Dairy cow mortality: A growing problem
Published in Dairy Star August 15, 2008
The Dairy 2007 USDA survey reported that 5.7% of cows died on-farm across the country in 2006. That is an increase from 4.8% in the 2002 survey and 3.8% in the 1996 survey. Frank Garry from Colorado State University reported that DHIA Provo-recorded dairy cattle death rates in 8 Western states increased from 3% in 1992 to 10% in 2002. These high death rates in dairy cows are very concerning. Annual death rates for beef cows and feedlot cattle are estimated at 1 to 1.5%. Yes, they are managed very differently, but they belong to the same animal species as dairy cows. Besides being an economic issue (replacing dead cows costs money), this is also an indication of an animal welfare problem.
Figure 1. Percentage of cow deaths by producer-attributed cause. (Dairy 2007)
The Dairy 2007 USDA survey (Figure 1) indicates that the single largest cause of cow death as reported by producers was lameness or injury (20%), followed by mastitis (16.5%), calving problems (15.2%), and unknown reasons (15%).
Recent studies presented at the 2008 Annual American Dairy Science Association meetings or published in the Journal of Dairy Science investigated risk factors associated with dairy cow mortality in the United States. Penn State University researchers summarized the association of mortality and 60-day culling rates with various housing and management systems. Mortality rate was lower in tiestall herds (3.3%) than in freestall herds (4.9%). The most optimal herd environment in their study - tiestall, component feeding, with pasture access - had mortality rate of 2.1% and 60-day culling rate of 5.3%; whereas, the least optimal environment - freestall, use of TMR, no outdoor access - had 6.3% and 9.1%, respectively.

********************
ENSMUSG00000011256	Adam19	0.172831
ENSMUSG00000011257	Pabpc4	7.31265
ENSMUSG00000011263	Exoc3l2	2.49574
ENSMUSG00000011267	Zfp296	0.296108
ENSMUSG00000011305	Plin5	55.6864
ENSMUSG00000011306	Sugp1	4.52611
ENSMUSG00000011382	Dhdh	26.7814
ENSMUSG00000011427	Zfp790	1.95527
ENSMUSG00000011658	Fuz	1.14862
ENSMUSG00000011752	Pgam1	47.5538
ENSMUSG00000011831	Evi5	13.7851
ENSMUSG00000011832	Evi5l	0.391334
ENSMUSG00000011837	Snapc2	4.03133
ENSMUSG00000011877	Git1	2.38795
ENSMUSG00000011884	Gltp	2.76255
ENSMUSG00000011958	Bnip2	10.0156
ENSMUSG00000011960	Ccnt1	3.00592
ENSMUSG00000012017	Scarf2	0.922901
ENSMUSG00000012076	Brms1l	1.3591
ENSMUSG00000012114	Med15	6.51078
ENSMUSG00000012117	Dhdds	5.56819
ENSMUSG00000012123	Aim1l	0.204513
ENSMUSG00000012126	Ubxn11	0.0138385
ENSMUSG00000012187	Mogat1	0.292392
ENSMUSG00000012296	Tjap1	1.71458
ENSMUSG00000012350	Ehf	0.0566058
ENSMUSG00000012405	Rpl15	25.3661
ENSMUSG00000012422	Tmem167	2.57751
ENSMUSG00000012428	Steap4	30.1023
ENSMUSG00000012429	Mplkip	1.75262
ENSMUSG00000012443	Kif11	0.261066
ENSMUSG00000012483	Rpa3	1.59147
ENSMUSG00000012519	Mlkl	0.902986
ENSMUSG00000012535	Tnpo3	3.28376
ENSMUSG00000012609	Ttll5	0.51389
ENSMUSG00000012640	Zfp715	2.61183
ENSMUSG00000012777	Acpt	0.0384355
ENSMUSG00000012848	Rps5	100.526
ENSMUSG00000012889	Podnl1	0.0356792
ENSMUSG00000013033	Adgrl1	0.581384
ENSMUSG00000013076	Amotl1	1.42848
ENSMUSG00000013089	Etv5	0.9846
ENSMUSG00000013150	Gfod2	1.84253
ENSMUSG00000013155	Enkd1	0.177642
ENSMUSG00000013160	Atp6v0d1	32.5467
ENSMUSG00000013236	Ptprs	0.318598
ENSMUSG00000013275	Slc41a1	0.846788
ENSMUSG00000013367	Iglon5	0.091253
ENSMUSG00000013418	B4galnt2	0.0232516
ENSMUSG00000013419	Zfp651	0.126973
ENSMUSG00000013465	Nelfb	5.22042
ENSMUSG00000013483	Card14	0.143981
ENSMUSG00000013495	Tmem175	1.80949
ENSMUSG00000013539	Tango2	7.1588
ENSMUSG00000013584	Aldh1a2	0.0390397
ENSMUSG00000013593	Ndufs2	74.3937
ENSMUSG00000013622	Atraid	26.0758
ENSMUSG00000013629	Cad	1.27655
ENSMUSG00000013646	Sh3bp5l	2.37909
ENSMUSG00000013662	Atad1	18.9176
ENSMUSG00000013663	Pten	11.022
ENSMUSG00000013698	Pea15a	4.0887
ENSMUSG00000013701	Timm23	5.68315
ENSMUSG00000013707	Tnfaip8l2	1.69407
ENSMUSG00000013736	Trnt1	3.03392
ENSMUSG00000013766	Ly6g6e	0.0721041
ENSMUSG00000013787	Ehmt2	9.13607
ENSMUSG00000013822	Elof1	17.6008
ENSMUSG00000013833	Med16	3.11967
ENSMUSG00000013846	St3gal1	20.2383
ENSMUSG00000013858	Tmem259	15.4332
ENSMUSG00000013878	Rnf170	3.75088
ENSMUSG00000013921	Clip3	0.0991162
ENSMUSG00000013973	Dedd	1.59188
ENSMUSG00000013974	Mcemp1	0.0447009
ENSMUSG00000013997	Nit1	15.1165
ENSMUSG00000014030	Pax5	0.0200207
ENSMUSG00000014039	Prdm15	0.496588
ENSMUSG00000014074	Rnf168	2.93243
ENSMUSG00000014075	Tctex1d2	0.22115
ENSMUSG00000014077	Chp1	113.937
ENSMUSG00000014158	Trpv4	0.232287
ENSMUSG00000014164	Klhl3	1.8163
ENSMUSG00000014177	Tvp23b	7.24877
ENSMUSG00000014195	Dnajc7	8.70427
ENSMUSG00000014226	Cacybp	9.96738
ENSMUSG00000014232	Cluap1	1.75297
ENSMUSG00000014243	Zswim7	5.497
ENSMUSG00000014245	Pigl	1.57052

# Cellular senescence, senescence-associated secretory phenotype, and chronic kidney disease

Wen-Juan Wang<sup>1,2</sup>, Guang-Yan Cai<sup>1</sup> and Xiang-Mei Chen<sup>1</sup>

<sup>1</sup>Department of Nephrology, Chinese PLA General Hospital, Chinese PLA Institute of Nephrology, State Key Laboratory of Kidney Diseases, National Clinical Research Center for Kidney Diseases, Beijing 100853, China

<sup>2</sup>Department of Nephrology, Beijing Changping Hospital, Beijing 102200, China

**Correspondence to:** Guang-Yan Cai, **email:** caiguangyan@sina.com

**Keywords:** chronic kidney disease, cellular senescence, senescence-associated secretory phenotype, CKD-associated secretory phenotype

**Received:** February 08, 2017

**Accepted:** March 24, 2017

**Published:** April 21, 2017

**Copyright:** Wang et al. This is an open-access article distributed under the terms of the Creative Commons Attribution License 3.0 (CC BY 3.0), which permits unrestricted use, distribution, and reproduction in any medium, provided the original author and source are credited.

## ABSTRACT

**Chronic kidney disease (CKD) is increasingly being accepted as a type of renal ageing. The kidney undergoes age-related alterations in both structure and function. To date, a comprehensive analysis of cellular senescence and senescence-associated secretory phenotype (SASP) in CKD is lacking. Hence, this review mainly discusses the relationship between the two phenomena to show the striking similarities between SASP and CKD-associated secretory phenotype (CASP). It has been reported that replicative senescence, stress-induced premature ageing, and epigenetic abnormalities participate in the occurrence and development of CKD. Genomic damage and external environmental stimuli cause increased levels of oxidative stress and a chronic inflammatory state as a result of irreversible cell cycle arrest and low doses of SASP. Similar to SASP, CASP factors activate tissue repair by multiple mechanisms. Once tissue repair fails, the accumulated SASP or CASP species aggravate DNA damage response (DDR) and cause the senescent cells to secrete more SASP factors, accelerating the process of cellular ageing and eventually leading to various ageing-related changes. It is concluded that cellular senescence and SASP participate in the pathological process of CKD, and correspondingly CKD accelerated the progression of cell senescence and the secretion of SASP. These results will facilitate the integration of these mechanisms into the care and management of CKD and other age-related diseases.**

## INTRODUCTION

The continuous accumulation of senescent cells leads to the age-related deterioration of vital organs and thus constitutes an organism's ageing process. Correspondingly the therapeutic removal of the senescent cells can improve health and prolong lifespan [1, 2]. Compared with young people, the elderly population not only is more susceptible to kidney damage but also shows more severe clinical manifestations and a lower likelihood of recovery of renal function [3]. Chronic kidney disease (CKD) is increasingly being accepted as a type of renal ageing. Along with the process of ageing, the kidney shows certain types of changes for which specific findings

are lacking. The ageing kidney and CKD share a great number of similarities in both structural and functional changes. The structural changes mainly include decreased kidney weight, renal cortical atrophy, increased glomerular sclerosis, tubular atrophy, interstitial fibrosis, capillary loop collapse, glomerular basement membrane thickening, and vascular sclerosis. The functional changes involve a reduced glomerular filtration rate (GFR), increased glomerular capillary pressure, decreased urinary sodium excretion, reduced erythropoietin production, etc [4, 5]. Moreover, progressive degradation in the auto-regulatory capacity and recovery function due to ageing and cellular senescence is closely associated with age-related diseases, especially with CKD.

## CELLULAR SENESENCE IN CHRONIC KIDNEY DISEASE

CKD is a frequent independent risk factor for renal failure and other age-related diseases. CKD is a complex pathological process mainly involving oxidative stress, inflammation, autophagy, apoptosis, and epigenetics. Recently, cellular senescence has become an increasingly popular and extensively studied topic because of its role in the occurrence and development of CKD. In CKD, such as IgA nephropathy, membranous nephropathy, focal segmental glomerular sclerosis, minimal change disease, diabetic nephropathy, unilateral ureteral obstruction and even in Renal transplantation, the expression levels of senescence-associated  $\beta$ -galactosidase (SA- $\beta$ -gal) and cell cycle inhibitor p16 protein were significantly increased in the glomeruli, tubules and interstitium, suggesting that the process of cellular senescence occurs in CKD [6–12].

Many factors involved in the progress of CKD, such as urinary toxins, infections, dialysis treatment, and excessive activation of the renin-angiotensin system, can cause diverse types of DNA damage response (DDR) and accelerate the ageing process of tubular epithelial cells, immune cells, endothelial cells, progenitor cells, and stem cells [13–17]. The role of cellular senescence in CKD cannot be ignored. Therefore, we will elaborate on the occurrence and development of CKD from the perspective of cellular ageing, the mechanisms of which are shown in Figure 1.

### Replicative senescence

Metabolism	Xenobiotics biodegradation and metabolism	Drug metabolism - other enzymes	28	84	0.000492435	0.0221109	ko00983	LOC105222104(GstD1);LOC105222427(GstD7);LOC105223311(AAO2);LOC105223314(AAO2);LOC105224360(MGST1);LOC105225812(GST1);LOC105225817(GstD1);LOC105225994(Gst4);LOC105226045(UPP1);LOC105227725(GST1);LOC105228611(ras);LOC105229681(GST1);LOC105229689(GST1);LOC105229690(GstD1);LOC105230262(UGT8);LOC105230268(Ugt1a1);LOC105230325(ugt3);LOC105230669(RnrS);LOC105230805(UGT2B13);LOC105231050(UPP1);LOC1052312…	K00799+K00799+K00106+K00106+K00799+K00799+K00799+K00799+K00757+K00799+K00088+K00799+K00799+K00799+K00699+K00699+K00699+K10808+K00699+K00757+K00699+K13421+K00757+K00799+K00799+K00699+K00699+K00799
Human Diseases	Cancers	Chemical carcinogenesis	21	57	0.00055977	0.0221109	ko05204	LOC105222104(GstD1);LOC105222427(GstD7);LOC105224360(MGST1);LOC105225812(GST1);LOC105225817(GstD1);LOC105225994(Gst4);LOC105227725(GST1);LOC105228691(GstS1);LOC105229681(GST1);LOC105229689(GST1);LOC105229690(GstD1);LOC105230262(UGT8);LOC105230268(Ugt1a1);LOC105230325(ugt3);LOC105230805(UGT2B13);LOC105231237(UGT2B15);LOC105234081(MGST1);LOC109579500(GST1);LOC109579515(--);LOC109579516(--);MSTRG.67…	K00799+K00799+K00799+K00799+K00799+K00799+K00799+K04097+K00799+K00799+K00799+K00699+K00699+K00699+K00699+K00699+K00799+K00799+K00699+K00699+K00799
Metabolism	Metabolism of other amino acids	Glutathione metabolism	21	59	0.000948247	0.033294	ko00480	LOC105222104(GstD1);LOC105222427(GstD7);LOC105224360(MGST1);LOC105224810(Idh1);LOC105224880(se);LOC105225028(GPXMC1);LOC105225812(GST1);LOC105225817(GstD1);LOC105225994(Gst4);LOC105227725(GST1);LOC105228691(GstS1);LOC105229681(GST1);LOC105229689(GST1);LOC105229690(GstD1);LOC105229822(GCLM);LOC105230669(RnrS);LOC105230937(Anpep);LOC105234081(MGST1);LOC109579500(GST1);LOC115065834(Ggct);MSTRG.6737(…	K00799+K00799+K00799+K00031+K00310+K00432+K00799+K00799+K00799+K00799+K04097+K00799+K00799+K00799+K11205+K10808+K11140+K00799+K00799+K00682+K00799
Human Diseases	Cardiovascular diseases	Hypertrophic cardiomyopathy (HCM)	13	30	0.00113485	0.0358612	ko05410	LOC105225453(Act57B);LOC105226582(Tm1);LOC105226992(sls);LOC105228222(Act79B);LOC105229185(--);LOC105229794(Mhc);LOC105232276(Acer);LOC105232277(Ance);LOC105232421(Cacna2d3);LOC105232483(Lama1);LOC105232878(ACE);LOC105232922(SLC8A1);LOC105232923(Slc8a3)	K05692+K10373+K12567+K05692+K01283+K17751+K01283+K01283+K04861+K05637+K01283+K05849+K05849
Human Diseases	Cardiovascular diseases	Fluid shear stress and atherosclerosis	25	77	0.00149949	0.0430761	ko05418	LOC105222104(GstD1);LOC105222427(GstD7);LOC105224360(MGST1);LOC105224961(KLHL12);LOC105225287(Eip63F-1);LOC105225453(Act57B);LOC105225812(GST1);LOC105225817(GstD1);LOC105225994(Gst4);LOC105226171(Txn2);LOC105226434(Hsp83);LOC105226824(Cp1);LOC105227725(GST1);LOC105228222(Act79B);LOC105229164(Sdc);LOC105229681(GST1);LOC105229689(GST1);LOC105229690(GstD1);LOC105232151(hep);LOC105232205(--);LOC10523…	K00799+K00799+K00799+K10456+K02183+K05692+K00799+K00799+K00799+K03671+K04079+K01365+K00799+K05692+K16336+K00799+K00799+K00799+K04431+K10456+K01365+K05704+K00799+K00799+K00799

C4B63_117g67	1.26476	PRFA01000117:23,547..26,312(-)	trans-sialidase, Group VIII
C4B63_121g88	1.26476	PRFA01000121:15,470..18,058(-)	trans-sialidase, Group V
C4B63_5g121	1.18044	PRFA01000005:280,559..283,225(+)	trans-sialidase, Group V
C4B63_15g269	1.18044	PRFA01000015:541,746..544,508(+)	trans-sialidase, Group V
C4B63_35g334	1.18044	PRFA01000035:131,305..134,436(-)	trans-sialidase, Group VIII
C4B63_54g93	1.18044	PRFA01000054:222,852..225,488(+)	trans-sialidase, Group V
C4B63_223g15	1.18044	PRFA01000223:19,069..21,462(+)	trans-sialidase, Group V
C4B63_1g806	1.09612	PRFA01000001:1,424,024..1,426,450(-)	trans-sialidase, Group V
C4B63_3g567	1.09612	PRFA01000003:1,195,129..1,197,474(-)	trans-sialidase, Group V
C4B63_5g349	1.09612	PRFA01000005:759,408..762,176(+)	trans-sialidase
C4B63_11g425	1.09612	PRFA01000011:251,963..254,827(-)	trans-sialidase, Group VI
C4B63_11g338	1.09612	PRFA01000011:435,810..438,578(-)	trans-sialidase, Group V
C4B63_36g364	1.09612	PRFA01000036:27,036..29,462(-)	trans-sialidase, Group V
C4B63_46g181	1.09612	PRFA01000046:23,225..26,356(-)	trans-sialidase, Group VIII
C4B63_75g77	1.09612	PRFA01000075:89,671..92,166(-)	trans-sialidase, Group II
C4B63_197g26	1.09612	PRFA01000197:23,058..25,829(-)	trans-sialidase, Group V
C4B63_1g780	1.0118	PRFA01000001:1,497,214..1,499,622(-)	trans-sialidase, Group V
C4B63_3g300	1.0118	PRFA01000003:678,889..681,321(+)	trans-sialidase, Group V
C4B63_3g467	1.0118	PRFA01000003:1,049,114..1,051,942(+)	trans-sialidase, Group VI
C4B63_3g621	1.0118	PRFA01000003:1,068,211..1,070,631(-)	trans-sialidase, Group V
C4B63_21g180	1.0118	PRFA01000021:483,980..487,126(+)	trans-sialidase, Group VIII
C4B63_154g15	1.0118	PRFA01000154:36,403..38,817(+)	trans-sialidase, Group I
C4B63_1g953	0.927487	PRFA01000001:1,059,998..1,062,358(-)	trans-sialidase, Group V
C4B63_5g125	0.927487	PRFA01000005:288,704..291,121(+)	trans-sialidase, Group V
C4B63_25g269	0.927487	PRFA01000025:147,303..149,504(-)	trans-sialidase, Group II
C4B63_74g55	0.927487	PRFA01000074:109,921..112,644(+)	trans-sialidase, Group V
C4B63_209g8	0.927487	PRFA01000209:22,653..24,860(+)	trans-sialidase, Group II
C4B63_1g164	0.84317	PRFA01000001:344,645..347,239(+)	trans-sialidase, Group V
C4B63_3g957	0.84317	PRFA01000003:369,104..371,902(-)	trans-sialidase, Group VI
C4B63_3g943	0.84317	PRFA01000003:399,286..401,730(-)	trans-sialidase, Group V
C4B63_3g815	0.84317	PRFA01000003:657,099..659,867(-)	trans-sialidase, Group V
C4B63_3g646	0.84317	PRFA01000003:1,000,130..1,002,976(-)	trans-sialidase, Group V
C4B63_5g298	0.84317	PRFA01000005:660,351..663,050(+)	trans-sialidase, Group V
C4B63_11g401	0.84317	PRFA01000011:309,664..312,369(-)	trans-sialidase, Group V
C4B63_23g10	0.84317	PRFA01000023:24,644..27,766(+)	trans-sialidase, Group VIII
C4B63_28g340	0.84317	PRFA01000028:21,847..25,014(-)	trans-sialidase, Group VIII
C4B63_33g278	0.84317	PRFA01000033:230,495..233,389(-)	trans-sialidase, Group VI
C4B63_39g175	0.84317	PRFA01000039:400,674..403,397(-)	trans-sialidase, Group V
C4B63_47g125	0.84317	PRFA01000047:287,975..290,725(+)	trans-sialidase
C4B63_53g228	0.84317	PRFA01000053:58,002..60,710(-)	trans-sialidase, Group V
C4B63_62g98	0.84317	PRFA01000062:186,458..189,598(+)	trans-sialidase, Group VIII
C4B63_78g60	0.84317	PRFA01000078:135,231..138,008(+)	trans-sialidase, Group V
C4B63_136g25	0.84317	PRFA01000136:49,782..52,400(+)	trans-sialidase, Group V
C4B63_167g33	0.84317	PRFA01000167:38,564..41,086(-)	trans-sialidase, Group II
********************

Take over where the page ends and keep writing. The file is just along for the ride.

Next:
University of Tennessee researchers found that smaller herd size (<100 or 100 to 200) was associated with lower mortality risk, except that Holstein herd sizes of 200 to 700 had higher mortality risk than herds with more than 700 cows. In Holstein herds, herd expansion of less than 30% had higher mortality risk than herds that expanded more than 350%. Intermediate scale expansion was associated with increased risk of mortality in Holstein herds but decreased risk of mortality in Jersey herds (compared to >200%). It seems that either small or large was better than intermediate herd size.
Colorado State University researchers looked at various management practices or characteristics of 953 dairy operations across the country and published their results in the Journal of Dairy Science (2008, 91:1423-1432). Eighty of the 119 factors they investigated had some association with mortality and were further explored in a more complex statistical model. Some of the factors that were associated with greater mortality included herd size (larger than 355 cows), milk production level (greater than 22,000 lbs rolling herd average), and fresh cow management (routine drenching of fresh cows). Reproductive problems such as greater levels of abortion, retained placenta, difficult calving, and metritis were all associated with increased mortality rate. Other health issues associated with higher mortality included respiratory problems, lameness, diarrhea, displaced abomasum, and clinical mastitis. In addition, use of freestalls as the primary housing facility, feeding a TMR, and using a multiple animal area for maternity were associated with greater mortality.
After running the more complex statistical model, they found that herd levels of respiratory disease, lameness, antibiotic use for treating sick cows, percentage of cows culled less than 50 days in milk, average calving interval, use of TMR, and region of the country were the factors more significantly associated with mortality. Herds located in western, Midwestern, and southeastern regions had increased odds of a greater level of mortality than herds in northeastern United States. Herds with a high percentage (>3.4%) of respiratory problems were 2.75 times more likely to have a greater level of mortality compared with herds with no documented respiratory problems. Herds with high percentage of lameness (>16.1%) were 2.89 times more likely to have higher mortality than herds with low levels of lameness (<3.3%).
Authors suggested that the more intensive management practices of crowding and feeding high levels of concentrate, and changes in the physical and social environment that contribute to less individual attention per cow combined with lack of dairy personnel training and experience to identify early stages of disease and apply timely and appropriate treatment could all contribute to the loss of animals on the farm.
Regarding a cow as an individual rather than only focusing on groups could help reduce some of the problems leading to high mortality in our dairy operations. Look at and see each animal, and treat them early.